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Energy, the Environment and
Sustainable Development

The city of tomorrow and cultural heritage



An Illustrative project

Discoloured by the centuries and by urban pollution, during recent decades the stonework of Europe's cultural heritage has been restored to its natural colour. However, traditional methods, such as high-pressure water cleaning, and dry and wet sandblasting, are harmful to the original materials, as are certain other abrasive cleaning technologies. Eight European partners (from industry and research centres, including specialists in heritage and restoration) have come up with the idea of adapting laser technology - whose effect on the discoloured areas is known - to the restoration of buildings. In order to boost the strength of the laser and to distribute the energy evenly over the surface being treated, the research focused on ways of using fibre-optics to transmit the laser beams. Using this technology, the LAMA laser now makes it possible to restore the most sensitive parts of our cultural heritage, and to reach previously inaccessible areas - without using water or sand.


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Implications for society

80% of all Europeans live in cities. As places to live, work and play, as centres of economic, commercial and administrative activity, as focal points of culture and education, and as tourist sites, many - often conflicting - demands are placed on Europe's cities. Permanently changing, they attract a large share of society's problems such as run-down neighbourhoods, social exclusion, insecurity, environmental deterioration, and traffic congestion.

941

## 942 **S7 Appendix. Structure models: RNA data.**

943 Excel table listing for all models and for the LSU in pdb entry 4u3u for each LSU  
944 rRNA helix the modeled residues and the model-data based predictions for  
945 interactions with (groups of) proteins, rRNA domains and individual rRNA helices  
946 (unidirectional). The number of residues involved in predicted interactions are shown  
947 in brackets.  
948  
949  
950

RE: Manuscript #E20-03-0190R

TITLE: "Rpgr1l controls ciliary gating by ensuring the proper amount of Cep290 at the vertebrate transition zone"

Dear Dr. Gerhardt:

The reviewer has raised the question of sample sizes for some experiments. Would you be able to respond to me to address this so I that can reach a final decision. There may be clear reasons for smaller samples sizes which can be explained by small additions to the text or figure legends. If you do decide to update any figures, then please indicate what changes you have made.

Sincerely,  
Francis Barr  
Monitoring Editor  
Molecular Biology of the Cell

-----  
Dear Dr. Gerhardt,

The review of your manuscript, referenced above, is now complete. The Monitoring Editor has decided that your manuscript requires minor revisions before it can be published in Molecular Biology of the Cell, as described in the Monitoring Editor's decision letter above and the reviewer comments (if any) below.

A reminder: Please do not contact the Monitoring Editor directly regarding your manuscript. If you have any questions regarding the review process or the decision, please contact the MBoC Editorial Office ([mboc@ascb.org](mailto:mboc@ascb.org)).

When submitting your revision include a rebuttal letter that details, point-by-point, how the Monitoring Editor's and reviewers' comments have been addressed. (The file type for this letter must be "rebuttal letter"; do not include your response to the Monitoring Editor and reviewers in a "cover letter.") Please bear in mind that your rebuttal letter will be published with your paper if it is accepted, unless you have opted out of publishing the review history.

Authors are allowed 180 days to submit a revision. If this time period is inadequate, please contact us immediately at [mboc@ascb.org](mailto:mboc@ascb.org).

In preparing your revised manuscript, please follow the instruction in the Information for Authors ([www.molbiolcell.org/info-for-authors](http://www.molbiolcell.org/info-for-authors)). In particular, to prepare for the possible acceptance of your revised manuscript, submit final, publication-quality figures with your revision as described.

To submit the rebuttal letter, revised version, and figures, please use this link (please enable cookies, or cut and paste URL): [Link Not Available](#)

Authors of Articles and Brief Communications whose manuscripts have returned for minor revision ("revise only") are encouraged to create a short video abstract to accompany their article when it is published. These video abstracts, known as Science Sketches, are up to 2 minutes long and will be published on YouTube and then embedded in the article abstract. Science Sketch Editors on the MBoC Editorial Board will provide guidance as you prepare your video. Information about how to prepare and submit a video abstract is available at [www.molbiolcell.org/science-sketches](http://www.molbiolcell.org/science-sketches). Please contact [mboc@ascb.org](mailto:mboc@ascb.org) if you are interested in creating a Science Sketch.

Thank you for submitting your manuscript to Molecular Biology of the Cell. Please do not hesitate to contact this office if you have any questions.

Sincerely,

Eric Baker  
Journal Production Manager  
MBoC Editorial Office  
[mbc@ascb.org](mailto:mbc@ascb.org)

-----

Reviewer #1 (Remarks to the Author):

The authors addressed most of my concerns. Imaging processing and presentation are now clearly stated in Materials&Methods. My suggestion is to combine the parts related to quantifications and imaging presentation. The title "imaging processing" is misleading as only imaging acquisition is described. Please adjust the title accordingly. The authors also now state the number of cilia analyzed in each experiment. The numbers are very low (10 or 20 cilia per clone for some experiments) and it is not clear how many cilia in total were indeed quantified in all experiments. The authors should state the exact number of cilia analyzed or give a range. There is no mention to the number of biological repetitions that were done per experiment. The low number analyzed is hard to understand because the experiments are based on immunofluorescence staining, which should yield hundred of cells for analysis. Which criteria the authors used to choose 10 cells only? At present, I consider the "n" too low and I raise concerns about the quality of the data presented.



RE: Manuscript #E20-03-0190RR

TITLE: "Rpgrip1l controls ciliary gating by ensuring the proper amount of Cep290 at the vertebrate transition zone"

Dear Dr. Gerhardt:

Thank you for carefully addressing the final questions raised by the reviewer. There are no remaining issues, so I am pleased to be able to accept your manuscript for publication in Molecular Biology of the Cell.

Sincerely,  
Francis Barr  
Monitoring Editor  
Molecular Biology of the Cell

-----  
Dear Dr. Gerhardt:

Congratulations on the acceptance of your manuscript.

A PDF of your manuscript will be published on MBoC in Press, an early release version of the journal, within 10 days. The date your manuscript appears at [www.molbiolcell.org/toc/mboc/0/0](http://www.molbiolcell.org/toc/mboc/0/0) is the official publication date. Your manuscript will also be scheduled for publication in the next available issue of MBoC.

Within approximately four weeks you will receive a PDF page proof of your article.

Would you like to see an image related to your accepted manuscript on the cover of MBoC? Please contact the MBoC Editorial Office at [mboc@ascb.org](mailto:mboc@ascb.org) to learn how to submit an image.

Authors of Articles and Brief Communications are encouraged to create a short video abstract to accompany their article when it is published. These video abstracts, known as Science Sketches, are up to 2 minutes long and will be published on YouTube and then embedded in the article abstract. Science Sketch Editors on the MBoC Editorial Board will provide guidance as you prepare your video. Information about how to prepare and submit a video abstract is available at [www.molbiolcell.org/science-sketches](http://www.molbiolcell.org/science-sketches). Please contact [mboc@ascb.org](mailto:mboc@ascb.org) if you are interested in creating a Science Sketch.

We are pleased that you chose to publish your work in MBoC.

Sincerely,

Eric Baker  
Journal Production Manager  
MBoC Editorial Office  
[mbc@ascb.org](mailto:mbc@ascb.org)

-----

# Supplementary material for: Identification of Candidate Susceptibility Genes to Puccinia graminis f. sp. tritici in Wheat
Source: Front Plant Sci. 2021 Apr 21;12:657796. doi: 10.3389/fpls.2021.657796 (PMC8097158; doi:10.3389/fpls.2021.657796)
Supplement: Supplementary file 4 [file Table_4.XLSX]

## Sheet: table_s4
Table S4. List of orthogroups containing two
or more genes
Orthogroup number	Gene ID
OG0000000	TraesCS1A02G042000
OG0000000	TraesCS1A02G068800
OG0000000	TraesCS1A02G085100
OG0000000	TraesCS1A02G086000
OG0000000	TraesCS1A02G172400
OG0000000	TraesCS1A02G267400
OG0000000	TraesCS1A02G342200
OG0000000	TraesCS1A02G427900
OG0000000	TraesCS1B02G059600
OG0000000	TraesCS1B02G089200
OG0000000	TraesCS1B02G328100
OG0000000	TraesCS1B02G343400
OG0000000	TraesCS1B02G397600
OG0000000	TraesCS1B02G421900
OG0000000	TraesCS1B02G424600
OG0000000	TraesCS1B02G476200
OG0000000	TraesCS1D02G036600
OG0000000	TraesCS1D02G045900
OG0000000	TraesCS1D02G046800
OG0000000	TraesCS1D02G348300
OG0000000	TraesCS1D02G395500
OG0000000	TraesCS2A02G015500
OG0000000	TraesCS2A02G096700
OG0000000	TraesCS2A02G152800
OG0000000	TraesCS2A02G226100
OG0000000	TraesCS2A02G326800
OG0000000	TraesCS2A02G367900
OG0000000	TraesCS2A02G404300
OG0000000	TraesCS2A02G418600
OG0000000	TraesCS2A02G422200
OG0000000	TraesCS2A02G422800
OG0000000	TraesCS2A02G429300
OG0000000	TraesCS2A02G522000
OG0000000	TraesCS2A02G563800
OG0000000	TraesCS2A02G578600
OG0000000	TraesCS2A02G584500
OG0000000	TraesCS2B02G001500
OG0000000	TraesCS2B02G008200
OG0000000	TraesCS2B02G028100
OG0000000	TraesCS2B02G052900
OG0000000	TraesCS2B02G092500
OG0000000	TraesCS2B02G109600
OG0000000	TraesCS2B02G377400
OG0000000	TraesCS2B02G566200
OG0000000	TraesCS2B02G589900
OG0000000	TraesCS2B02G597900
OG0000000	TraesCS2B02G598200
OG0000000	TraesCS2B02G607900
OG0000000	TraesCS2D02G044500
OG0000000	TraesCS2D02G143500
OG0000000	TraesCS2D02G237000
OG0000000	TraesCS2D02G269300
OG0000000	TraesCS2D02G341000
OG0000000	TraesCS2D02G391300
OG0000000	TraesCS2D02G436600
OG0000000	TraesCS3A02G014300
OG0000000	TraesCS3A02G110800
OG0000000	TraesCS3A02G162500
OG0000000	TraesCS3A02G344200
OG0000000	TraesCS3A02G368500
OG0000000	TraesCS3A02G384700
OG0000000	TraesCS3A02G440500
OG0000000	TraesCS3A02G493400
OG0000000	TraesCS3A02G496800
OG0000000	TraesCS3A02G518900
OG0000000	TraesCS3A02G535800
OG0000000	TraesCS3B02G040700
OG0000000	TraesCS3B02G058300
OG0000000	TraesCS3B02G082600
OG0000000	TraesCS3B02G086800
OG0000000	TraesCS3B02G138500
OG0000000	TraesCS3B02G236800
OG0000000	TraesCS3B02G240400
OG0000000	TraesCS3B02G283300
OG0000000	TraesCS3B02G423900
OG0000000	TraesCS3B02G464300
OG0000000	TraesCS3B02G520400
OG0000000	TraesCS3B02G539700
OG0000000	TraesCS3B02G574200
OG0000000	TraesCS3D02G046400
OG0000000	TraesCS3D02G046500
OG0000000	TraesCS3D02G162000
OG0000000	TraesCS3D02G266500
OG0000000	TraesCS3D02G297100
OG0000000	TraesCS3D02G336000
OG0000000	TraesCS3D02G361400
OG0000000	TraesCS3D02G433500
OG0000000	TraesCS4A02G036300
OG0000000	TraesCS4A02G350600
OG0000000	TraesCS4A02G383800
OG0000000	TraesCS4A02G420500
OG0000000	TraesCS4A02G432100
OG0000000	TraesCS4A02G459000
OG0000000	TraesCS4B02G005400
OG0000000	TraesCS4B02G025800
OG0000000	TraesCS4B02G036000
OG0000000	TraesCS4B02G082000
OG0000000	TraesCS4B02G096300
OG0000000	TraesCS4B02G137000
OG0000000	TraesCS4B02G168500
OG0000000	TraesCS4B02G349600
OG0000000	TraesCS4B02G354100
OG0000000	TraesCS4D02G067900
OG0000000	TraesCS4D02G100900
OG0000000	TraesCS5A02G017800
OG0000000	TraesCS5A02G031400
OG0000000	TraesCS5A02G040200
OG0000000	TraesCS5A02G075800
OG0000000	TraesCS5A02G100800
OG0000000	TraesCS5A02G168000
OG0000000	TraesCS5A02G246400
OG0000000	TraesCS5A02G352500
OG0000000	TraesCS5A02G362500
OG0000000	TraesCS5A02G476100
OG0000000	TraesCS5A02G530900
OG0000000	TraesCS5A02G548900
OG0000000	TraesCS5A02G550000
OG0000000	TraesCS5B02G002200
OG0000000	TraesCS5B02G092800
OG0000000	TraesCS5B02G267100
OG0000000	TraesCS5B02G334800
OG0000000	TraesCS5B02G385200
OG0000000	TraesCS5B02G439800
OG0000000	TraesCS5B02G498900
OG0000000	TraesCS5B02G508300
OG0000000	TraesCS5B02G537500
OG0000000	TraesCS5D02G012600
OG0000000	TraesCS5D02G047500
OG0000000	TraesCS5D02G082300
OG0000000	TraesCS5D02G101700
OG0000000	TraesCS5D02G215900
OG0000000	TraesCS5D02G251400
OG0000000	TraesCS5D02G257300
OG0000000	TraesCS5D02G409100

Europe's cities also contain a rich cultural heritage, including the most beautiful memorials of its history and art, vital landmarks of our collective memory. Protecting this heritage against pollution, and preserving and renovating it represent a major cultural challenge.

Implications for the economy

Global economic life takes place less and less on a national scale, but is based on the prosperity of urban centres inter-linked at the regional level. Cities are the strategic focal points of various sectors and markets, and centres for innovation. Most new infrastructures are city-based and an essential part of the socio-economic process is devoted to managing and satisfying, in a sustainable manner, the needs that have grown up in the cities.

Implications for Europe

Europe has no one centre. Its urban life focuses around a vast network of cities which exchange populations, goods, and services of every kind. By their very nature, urban questions thus have a transnational dimension, and constitute a fruitful area of European cooperation. Similarly, new solutions that emerge in European cities often provide examples that can be adapted to other parts of the world.

Targeted fields of research
  • Integrated approaches to sustainable urban development and rational resource management - Urban development scenarios; impact of technologies, infrastructures, pollution; essential resources (energy, water); etc.
  • Protection, preservation and rehabilitation of Europe's cultural heritage - Diagnostic technologies: preservation and restoration; integration into the urban environment; etc.
  • Preservation, renovation, construction, and demolition of buildings, in particular in major complexes - Fighting hazards and deterioration; security and safety; resource planning; management of the inner-urban environment; etc.
  • Strategies for sustainable transport systems in the urban environment - Identification of new technologies for reducing urban pollution and congestion; etc.

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